Germany Year Zero (1948)
Director Roberto Rossellini
In his short essay on Germany Year Zero, director Gianni Amelio (Blow to the Heart, The Stolen Children) picks up on critic José Luis Guarner’s observation that rather than a war picture, Rossellini’s film is actually closer to horror. Coming after Rome, Open City and Paisà, the film tells of Edmund (Edmund Meschke), a 12-year-old boy having to prematurely shoulder adult responsibility in a devastated post-war Berlin. “The adults around little Edmund aren’t vampires but zombies” writes Amelio, “they move among the rubble of their city without past or future, poised between life and death.”
In the months before he made Germany Year Zero, Rossellini lost his nine-year-old son Romano, a tragedy that undoubtedly contributed to the film’s air of unrelenting pessimism. Its final passage, with an isolated Edmund walking across the skeletal landscape of Berlin, remains one of the most extraordinary sequences ever committed to film.
Francesco, giullare di Dio (1950)
Director Roberto Rossellini
The filmic versions of the life of St Francis of Assisi have been varied to say the least – from Michael Curtiz’s CinemaScope biopic Francis of Assisi (1961) to Liliana Cavani’s two separate versions (1966 and 1989), the latter starring Mickey Rourke in the title role.
Rossellini’s 1950 film Francesco, giullare di Dio (Francis, God’s Jester) comes at a transitional point in the director’s career – poised between his neorealist work of the mid-late 1940s and his more psychological pictures of the early 1950s – a fact reflected in the film’s blending of neorealist aesthetics with a far greater sense of stylisation.
Rossellini told Sight & Sound’s Francis Koval in 1951 that he never intended to make a biopic. “The personality of St Francis is so immense that it would be impossible to do him justice within the framework of a film of normal length. That is why I confined myself to a single aspect of his personality. […] The accent is entirely on Saint Francis’ whimsical, unruffled approach to the crudities and trivialities of everyday life.”
Umberto D. (1952)
Director Vittorio De Sica
Umberto D. may well be the film with which neorealist theorist and screenwriter Cesare Zavattini came closest to fulfilling his ambition of making a film about a character to whom nothing happens. While earlier De Sica-Zavattini pictures such as Shoeshine (1946) and Bicycle Thieves (1948) had focused on child characters, the protagonist of Umberto D. is an elderly former civil servant living on a meagre pension in a Roman boarding house with only his dog for company.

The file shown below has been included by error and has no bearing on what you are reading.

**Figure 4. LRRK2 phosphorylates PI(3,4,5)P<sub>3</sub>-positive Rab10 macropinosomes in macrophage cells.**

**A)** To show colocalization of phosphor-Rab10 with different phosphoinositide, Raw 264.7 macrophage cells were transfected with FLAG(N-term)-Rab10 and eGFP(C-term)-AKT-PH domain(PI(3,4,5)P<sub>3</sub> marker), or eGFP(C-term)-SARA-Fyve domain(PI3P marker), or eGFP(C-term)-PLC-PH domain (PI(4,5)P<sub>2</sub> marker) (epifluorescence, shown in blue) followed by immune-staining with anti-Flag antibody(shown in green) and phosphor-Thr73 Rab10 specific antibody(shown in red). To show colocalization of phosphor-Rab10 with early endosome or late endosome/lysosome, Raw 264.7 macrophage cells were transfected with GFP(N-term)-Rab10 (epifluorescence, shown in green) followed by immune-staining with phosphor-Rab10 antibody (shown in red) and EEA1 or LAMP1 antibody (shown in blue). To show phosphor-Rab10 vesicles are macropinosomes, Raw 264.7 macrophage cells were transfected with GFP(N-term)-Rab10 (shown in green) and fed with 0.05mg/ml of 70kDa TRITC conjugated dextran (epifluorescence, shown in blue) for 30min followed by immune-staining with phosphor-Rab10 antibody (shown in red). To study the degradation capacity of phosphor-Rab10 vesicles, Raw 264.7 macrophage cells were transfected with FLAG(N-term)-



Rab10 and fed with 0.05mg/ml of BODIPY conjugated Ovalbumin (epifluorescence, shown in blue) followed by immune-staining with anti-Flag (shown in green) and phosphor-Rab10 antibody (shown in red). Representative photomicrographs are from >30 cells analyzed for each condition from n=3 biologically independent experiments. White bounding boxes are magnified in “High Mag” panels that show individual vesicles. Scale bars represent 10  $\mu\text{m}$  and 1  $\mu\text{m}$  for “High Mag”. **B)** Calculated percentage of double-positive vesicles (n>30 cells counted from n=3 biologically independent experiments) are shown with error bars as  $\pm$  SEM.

Umberto is played by Carlo Battisti, who in real life was a linguistics professor from the University of Florence. “We are dealing here with a cinematographic report”, André Bazin wrote shortly after the film’s release, “a disconcerting and irrefutable observation on the human condition […] I have no hesitation in stating that the cinema has rarely gone such a long way towards making us aware of what it is to be a man.”
La strada (1954)
Director Federico Fellini
Within a few years of moving to Rome from his native Rimini, Fellini met Roberto Rossellini, who invited him to collaborate on the screenplay for Rome, Open City. Fellini then served as Rossellini’s assistant director on Paisà a year later. “It was a very important experience for me”, he said in an interview with Costanzo Costantini, “Rossellini was the originator of open-air cinema, working in the midst of ordinary people in the most unpredictable circumstances. It was by accompanying him as he shot Paisà that I discovered Italy. From him I derived the conception of film as a journey, adventure, odyssey.”
When Fellini became a director in his own right in the early 1950s, his work clearly showed links with (Rossellinian) neorealism while possessing an oneiric quality all of his own. In 1954’s La strada, Fellini’s wife Giulietta Masina plays Gelsomina, a young woman whose impoverished mother sells her to travelling circus strongman Zampanò (Anthony Quinn). An intensely bittersweet fable, La strada proved to be Fellini’s international breakthrough, winning the inaugural Academy Award for best foreign film in 1956.
Il tetto (1956)
Director Vittorio De Sica
A lesser-known work from De Sica and Zavattini, Il tetto (‘The Roof’) is the story of a newlywed couple and their struggle to find a home. Natale Pilon (Giorgio Listuzzi) works as an apprentice bricklayer on a large housing complex. He spends the early days of married life with Luisa (Gabriella Pallotta) in the bosom of his extended family but tensions start to mount and an argument soon forces husband and wife out onto the streets. Natale makes various attempts to find accommodation but to no avail. As a last resort, he calls upon his co-workers to help him build a small one-room house by a railway line.